It’s possible to see some of McLean’s work on permanent display in the East, too. In Norwich Cathedral his three, large stained glass windows are installed in the North Aisle, and can be seen year-round.
Plan a trip to Halesworth to visit The Cut, where there’s a year-round programme of great performance, art and film.
Joanne Harris visited the University of East Anglia in April 2016 as part of the UEA Spring Literary Festival.
Joanne Harris is one of the UK’s best loved and most versatile novelists. Working for many years as a school teacher, she secured global recognition with Chocolat in 1999 (later made into an Oscar-nominated movie starring Juliette Binoche and Johnny Depp). Two further novels created the sensuous, magical Lansquenet trilogy (Lollipop Shoes, Peaches for Monsieur le Curé). She has since written many highly acclaimed novels in diverse genres including historical fiction, fantasy based on Norse myth, and the Malbry cycle of psychological suspense (Gentlemen & Players, Blueeyedboy). Different Class, her latest novel, enters into this territory and reveals a writer operating at her darkest and most unsettling pitch. Find out more about UEA Spring Literary Festival. UEA holds two literary festivals each year. Plan a trip to the Autumn Festival with Visit Norwich.
On 20th April as part of SPIEL, Norwich Arts Centre’s series of artist talks, Marcia X welcomed guests to hear her talk about her practice.
Marcia X was born and raised in Chicago IL to immigrant parents in 1985. Inspired by her early travels to the Caribbean and US history and politics, she predominantly works in themes relating to the experience of the Diaspora, history, feminism, politics and socioeconomic issues. As a multidisciplinary artist, her mediums vary from print to installation, and currently is exploring minimalist abstract painting. She has her BA in Fine Art and is furthering her studies to attain an MA in Political, Social and International Theory. She lives and works in the Diaspora.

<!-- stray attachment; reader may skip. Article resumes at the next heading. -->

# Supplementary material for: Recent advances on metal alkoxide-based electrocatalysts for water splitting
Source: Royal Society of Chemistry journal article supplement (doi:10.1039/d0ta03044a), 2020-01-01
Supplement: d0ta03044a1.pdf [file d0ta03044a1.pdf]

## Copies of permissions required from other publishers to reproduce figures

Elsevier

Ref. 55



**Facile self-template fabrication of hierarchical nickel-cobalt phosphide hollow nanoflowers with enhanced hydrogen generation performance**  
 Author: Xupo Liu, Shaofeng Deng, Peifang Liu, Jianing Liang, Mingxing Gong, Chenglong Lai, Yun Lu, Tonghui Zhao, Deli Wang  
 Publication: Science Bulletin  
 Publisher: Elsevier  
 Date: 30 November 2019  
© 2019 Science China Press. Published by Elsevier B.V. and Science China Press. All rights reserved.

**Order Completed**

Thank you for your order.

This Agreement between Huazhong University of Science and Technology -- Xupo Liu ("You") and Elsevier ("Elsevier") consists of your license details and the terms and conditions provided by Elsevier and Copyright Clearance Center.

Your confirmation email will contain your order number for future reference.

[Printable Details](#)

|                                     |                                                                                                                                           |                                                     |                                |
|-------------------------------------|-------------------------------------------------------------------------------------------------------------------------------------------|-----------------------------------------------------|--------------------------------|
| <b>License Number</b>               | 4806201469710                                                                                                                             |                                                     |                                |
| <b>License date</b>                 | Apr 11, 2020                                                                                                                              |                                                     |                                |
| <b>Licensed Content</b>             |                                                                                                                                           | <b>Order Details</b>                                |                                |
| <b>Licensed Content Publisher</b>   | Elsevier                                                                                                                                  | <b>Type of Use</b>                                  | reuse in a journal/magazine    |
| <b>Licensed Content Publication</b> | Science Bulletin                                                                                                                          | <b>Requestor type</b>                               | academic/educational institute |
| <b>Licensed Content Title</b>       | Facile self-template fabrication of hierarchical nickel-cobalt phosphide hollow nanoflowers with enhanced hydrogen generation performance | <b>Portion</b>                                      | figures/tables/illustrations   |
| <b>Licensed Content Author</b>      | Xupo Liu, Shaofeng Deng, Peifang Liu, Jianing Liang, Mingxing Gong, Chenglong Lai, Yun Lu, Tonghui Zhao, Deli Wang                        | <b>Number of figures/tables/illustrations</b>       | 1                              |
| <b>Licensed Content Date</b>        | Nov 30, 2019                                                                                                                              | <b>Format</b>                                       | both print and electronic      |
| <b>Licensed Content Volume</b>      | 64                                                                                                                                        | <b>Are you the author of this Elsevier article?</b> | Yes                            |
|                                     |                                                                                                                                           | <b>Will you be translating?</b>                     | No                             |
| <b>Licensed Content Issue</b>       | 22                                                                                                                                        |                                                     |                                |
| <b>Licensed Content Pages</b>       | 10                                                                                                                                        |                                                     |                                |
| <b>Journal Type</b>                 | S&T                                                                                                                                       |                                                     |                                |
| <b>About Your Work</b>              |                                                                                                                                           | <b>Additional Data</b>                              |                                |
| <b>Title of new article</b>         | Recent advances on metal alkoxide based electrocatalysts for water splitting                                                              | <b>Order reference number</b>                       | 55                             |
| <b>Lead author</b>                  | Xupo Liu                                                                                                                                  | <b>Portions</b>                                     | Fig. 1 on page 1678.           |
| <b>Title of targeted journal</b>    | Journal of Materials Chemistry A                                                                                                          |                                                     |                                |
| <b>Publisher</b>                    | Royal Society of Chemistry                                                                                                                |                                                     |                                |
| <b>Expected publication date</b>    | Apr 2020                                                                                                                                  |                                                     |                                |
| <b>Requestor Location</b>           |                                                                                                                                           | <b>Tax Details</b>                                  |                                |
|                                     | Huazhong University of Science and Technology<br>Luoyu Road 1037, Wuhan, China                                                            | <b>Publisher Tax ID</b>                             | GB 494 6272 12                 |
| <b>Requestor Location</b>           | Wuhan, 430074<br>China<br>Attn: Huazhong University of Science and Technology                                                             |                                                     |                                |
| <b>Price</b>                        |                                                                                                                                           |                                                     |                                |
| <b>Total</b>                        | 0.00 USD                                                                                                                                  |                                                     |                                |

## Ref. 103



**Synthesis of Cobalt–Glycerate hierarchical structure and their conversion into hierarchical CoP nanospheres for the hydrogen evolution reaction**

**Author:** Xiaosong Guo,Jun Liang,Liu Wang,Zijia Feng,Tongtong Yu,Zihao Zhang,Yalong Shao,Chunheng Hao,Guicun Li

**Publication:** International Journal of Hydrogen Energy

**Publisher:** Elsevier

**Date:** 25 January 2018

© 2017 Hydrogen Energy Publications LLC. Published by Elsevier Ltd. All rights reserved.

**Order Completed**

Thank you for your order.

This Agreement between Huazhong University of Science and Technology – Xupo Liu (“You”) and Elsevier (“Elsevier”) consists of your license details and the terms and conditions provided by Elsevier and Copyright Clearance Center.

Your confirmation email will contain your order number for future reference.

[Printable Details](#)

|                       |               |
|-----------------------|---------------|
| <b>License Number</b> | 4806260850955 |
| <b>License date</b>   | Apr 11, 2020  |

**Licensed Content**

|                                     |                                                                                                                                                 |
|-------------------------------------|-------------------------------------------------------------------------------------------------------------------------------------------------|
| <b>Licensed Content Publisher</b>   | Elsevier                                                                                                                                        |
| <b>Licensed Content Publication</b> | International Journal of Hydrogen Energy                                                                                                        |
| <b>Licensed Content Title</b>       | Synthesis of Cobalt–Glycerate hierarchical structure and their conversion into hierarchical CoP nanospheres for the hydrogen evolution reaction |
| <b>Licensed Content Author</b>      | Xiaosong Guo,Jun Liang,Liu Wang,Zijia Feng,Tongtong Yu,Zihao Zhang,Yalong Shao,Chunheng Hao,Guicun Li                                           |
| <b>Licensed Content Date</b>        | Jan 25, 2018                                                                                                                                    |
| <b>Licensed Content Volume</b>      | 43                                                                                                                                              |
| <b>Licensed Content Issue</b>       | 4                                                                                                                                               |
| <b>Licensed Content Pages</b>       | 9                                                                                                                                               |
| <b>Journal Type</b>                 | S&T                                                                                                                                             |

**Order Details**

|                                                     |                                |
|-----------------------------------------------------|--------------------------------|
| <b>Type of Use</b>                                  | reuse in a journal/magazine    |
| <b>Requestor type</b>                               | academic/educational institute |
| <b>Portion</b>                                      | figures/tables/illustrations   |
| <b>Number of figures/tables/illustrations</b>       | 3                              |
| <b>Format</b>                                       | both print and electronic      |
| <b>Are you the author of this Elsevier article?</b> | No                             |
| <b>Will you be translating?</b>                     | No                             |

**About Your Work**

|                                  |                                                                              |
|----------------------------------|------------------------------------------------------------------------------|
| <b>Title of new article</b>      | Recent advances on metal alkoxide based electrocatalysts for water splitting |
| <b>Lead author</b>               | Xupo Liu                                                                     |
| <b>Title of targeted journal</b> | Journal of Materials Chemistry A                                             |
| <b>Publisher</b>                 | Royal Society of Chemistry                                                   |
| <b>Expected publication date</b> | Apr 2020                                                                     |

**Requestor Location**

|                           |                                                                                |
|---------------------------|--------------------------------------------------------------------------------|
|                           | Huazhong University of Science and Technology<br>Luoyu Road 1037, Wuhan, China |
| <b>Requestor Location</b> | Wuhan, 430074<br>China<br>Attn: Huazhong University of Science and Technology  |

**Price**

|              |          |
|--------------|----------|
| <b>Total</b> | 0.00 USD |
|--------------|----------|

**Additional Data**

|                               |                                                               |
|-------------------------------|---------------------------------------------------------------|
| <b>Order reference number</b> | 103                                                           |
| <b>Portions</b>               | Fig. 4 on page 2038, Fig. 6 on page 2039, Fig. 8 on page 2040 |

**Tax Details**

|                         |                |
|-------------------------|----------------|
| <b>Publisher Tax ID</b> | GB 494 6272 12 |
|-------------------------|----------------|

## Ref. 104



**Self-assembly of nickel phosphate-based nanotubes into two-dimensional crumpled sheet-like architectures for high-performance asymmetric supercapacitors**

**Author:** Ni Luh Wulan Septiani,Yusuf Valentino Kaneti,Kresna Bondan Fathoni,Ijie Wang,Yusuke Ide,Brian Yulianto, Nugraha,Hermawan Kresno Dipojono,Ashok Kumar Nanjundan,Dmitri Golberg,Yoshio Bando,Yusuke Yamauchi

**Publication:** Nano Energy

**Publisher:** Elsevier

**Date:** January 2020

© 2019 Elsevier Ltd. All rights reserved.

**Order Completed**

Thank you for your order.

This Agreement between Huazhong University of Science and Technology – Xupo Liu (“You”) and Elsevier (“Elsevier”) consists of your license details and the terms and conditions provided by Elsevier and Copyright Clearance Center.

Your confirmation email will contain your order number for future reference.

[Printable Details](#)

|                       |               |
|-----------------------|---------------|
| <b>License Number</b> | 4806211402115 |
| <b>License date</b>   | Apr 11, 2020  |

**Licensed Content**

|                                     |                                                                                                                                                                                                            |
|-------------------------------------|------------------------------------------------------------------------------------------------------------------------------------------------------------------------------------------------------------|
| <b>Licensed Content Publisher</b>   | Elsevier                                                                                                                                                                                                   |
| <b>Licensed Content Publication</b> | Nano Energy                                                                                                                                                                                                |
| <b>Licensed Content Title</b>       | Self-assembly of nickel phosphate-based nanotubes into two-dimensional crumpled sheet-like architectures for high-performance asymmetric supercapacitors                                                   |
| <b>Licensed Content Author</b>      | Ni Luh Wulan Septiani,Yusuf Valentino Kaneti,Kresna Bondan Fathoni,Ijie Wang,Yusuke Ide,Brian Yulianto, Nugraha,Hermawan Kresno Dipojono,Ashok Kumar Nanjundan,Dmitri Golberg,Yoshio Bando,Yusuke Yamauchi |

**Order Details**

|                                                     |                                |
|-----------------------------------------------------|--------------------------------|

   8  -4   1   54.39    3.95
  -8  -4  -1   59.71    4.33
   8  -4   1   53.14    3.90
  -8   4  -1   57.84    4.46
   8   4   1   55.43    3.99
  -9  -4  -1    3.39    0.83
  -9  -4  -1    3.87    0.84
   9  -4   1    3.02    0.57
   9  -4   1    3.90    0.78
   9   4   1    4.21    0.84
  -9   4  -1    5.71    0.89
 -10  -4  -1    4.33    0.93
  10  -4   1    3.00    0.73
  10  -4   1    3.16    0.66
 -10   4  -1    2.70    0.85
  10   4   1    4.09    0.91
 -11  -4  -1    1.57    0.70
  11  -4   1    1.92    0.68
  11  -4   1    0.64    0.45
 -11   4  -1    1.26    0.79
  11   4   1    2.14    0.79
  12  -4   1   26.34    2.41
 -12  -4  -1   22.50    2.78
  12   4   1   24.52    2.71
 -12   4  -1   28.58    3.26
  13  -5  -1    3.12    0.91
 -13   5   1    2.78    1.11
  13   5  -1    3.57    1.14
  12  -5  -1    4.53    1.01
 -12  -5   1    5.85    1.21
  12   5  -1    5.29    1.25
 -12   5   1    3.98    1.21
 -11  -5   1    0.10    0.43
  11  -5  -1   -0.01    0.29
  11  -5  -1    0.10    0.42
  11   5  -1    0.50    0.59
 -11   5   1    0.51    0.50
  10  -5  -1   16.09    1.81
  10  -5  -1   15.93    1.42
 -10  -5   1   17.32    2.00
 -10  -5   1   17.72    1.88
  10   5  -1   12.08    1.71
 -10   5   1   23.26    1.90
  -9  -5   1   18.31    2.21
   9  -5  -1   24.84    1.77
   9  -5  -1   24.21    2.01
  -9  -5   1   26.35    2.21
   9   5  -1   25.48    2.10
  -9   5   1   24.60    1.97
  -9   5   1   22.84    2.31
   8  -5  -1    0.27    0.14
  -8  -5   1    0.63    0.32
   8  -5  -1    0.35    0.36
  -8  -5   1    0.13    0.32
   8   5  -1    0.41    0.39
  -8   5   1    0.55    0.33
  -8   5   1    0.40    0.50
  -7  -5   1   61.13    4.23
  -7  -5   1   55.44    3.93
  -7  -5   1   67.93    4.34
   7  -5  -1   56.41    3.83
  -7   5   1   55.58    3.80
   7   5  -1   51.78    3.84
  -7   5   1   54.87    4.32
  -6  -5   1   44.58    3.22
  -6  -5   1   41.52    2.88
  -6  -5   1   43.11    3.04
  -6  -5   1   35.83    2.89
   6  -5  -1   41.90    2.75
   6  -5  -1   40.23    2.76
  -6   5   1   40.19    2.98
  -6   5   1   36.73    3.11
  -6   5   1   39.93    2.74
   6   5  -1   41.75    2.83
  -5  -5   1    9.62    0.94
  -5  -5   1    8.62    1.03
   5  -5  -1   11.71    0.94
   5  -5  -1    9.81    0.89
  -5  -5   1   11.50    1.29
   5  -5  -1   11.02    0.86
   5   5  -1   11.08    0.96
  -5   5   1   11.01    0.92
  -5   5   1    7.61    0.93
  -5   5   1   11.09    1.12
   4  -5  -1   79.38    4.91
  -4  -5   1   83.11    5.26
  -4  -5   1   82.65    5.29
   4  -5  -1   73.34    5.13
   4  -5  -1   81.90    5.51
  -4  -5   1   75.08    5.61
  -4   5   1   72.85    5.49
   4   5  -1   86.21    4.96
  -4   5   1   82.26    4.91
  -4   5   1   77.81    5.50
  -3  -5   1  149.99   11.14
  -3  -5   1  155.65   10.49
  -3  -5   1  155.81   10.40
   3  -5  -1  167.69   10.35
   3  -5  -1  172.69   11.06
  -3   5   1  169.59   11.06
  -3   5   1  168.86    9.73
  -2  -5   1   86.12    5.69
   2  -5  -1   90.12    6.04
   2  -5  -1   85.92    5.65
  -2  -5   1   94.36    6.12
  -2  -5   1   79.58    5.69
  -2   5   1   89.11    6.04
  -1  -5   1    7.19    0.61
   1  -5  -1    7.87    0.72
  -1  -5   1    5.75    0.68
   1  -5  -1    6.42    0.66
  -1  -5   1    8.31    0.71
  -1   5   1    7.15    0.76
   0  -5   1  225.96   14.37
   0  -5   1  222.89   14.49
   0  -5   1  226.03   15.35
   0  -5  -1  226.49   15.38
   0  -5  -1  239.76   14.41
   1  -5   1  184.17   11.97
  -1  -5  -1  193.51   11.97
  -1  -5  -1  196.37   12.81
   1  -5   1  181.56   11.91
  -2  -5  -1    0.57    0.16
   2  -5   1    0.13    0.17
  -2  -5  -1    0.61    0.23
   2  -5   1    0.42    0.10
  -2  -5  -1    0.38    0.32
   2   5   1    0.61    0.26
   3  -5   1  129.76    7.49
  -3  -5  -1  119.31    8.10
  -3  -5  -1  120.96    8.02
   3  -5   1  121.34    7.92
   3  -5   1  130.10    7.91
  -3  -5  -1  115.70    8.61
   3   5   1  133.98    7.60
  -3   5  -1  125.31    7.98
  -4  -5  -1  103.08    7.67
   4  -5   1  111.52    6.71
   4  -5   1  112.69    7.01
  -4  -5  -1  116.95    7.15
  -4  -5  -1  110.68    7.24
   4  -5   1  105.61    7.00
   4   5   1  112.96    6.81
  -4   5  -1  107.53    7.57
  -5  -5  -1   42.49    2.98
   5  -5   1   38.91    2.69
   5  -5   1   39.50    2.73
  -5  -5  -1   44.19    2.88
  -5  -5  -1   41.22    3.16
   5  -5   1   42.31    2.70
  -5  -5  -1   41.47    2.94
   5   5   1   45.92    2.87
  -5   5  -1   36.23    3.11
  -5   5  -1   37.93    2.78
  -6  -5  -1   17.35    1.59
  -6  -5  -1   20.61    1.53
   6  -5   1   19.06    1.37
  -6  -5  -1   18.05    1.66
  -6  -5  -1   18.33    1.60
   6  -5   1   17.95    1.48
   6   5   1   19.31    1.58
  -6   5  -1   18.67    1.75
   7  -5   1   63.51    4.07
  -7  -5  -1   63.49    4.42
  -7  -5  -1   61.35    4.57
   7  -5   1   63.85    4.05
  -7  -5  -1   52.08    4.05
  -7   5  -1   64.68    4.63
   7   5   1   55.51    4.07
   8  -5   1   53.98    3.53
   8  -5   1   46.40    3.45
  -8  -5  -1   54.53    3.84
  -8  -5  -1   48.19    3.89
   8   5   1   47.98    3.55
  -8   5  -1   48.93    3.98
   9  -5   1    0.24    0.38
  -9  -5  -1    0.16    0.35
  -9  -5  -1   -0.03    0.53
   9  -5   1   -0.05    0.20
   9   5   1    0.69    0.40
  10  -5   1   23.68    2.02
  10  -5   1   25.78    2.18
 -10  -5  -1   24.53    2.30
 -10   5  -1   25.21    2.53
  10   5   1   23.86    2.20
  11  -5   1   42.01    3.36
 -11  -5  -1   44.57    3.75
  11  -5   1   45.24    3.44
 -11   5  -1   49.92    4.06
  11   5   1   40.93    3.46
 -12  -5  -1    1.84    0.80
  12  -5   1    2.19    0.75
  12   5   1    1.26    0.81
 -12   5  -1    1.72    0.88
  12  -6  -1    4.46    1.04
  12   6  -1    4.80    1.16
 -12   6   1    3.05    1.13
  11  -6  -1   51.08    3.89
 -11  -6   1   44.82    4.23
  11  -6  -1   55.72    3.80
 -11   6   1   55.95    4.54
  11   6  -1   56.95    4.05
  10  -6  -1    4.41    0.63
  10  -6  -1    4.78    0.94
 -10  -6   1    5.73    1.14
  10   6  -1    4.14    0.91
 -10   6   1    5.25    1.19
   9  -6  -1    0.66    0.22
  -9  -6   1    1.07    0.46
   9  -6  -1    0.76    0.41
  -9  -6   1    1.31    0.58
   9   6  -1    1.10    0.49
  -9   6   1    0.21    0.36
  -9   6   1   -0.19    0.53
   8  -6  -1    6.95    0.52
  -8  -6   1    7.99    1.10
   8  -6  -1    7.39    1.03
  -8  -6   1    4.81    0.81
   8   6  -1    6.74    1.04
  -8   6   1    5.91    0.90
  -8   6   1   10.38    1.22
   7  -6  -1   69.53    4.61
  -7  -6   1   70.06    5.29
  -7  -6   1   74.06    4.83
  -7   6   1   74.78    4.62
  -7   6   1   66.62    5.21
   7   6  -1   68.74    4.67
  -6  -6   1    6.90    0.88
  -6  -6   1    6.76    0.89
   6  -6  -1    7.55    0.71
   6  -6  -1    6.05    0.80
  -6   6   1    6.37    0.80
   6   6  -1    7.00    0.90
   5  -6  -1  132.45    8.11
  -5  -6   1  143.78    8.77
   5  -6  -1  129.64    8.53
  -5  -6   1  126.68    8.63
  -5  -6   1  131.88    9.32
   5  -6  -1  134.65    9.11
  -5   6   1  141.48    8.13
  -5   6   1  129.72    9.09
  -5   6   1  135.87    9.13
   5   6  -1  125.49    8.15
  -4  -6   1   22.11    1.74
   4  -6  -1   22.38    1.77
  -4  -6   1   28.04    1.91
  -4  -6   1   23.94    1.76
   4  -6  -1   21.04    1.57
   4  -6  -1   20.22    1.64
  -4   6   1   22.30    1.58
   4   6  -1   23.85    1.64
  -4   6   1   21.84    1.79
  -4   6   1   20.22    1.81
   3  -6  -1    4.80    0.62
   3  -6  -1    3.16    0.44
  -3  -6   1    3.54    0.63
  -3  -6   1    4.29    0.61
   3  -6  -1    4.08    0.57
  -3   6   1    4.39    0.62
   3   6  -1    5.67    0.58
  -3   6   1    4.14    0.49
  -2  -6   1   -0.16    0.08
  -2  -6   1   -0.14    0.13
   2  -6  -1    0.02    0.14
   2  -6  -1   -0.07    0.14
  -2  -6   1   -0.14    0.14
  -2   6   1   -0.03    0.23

Marcia X’s visual work revolves around understanding the psychological and emotional affects of living in the unhomely place of the Diaspora. Her spoken word, performance and writings aim to confront issues of race, gender and history, particularly within the context of art practice.
We’ve explored Thomas Wolsey’s ambitions for Ipswich in previous Culture365 posts, but today we’re taking a closer look at Wolsey himself.
Wolsey was born in Ipswich in March 1473, and his father was widely thought to have been a butcher or cattle dealer. These humble beginnings would serve Wolsey well, as Henry VII introduced measures to curb the power of the nobility, instead favouring those from modest backgrounds.
During his fourteen years of chancellorship, due to his close relationship with King Henry VIII, Cardinal Wolsey had more power than any other Crown servant in English history. From 1515 to 1529, Wolsey’s rule was undisputed. Henry VIII delegated more and more state business to him, including near-complete control of England’s foreign policy.
Traces of Wolsey’s links to Ipswich can be seen to this day, with a number of places in the town named after the chancellor, including a pub, and of course, the New Wolsey Theatre.
Another of Norwich’s lesser-known children, Harriet Martineau was a social theorist and Whig writer, often cited as the first female sociologist.
Born in 1802, Martineau wrote many books and a multitude of essays from a sociological, holistic, religious, domestic, and perhaps most controversially, feminine perspective; she also translated various works from Auguste Comte. She earned enough to be supported entirely by her writing, a rare feat for a woman in the Victorian era. A young Princess Victoria enjoyed reading Martineau’s publications. The queen invited Martineau to her coronation in 1838 —an event which Martineau described, in great and amusing detail, to her many readers.